The state of poverty in Malta is categorized as relative, but 2014 estimates show that 15.9 percent of citizens live below the poverty line. However, poverty in Malta is a consequence of recent economic expansions at the expense of employment stability, access to child care and has marginalized family incomes, especially for single mothers.
Economic stability in Malta is driven by tourism, trade and manufacturing. The country also boasted the European Union’s (EU) lowest unemployment rate of 3.9 percent in July 2016.
Malta is located between Sicily and North Africa, situating the country within several of the world’s highest trafficking shipping routes. The government of Malta recognizes the potential for growth due to the influence of global investment and trade.
Foreign direct investment (FDI) in the forms of health technology, communication and information technology, aerospace and defense and finance services to expand the rate of economic development is especially important, according to the U.S. Department of State.
According to the 2010 European Social Watch Report, economic infrastructures in Malta established increased flexibility due to labor market deregulation and liberalization of the market.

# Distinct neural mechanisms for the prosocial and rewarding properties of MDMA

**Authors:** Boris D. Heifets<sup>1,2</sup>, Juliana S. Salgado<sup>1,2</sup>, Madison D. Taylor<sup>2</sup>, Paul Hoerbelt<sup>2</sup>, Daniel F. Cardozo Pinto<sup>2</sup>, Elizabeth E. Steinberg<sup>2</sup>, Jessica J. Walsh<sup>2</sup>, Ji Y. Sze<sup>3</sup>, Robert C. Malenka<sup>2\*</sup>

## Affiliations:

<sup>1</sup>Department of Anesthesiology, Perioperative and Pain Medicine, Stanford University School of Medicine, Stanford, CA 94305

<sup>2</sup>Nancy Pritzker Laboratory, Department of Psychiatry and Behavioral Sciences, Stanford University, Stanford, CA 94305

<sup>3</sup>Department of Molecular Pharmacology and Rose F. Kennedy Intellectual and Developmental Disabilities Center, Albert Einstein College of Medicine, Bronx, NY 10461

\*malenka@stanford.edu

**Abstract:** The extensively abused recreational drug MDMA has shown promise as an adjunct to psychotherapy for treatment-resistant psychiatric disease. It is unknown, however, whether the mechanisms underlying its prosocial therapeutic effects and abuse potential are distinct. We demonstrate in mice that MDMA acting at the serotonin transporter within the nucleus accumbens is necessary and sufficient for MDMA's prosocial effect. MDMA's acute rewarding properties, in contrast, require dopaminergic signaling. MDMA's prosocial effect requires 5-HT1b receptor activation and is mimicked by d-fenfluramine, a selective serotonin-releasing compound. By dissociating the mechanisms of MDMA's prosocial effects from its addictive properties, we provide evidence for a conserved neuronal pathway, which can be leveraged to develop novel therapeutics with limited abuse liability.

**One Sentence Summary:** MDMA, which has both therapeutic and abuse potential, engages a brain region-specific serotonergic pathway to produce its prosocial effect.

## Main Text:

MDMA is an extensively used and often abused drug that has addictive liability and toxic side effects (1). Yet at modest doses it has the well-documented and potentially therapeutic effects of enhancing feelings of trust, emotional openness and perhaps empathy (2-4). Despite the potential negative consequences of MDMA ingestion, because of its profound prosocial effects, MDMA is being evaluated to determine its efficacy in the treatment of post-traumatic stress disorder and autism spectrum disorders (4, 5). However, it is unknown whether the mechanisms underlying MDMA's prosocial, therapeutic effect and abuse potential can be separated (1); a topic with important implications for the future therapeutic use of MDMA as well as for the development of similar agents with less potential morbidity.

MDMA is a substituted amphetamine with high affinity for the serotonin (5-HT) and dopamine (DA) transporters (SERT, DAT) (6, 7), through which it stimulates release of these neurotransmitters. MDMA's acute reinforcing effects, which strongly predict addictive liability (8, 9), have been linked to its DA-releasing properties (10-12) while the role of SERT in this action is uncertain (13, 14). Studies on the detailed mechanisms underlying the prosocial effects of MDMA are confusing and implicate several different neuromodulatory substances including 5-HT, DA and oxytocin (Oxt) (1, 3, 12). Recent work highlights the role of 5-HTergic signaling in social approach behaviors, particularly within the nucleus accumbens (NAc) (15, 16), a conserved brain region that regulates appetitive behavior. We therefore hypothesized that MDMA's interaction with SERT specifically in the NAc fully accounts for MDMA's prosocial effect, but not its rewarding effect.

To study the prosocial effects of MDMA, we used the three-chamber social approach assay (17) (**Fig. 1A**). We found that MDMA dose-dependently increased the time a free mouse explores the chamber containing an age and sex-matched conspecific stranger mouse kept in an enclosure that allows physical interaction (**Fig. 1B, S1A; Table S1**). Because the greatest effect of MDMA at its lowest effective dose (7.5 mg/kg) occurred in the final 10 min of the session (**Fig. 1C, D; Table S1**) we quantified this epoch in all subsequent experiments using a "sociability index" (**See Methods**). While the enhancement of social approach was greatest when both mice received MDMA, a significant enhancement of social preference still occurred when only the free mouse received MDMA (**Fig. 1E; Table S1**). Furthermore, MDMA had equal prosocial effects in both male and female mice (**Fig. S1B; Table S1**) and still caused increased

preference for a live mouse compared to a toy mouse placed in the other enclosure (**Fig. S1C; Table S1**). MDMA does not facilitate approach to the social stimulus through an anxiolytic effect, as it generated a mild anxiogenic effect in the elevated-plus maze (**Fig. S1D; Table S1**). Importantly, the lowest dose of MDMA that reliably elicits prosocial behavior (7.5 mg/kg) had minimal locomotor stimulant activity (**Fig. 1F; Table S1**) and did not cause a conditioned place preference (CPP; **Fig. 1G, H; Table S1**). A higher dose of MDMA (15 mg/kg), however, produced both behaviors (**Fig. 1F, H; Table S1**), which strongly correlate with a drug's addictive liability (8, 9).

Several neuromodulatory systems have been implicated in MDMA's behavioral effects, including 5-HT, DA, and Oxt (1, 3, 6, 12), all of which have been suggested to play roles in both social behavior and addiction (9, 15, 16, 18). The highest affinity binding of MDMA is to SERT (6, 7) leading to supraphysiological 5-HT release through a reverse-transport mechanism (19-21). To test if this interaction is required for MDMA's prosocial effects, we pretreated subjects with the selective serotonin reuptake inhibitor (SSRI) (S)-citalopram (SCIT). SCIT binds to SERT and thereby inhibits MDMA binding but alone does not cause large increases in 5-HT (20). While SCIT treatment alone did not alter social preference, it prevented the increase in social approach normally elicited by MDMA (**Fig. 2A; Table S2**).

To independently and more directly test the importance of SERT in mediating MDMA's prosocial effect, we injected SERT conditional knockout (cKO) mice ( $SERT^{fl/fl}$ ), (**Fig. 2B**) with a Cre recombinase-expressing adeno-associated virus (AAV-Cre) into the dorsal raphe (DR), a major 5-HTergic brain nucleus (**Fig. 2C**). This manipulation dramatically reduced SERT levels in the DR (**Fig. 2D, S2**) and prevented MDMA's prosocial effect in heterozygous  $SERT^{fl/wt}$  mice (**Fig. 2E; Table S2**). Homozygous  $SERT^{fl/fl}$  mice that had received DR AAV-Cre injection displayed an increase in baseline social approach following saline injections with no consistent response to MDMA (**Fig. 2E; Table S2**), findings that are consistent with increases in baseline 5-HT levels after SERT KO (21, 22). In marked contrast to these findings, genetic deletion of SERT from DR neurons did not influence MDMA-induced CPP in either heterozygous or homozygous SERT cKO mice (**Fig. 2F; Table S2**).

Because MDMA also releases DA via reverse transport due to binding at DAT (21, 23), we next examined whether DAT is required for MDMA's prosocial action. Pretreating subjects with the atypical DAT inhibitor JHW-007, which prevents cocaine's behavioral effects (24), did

Economic developments have resulted in more jobs and profit, but at the cost of the deterioration of labor standards, unstable work status, unemployment and decreased incomes for families.
According to the University of Malta, groups that report the lowest yearly average are single parents, parents of big families and the elderly. These individuals are at a higher risk of poverty than others, while all aforementioned groups report housing inefficiencies to be a notable hindrance. Due to low familial incomes, children often lack access to food, adequate housing, health care and clothing.
The European Commission noted that Malta is relatively far from achieving its poverty reduction target as outlined in the Europe 2020 Strategy in a 2016 Maltese country report. Individuals with low skills and children have been affected most, while the absence of material goods in households further contribute to the facilitation of poverty and social exclusion.
As a recent addition to the collection of member states within the EU, the country is in the process of implementing 17 Sustainable Development Goals (SDGs).
However, the Maltese Ministry of Foreign Affairs (MFA) has yet to operationalize educational initiatives but stated that, “Malta is fully committed to the implementation of the 2030 Agenda and in this regard is participating and following discussions at both regional and international level.”
– Amber Bailey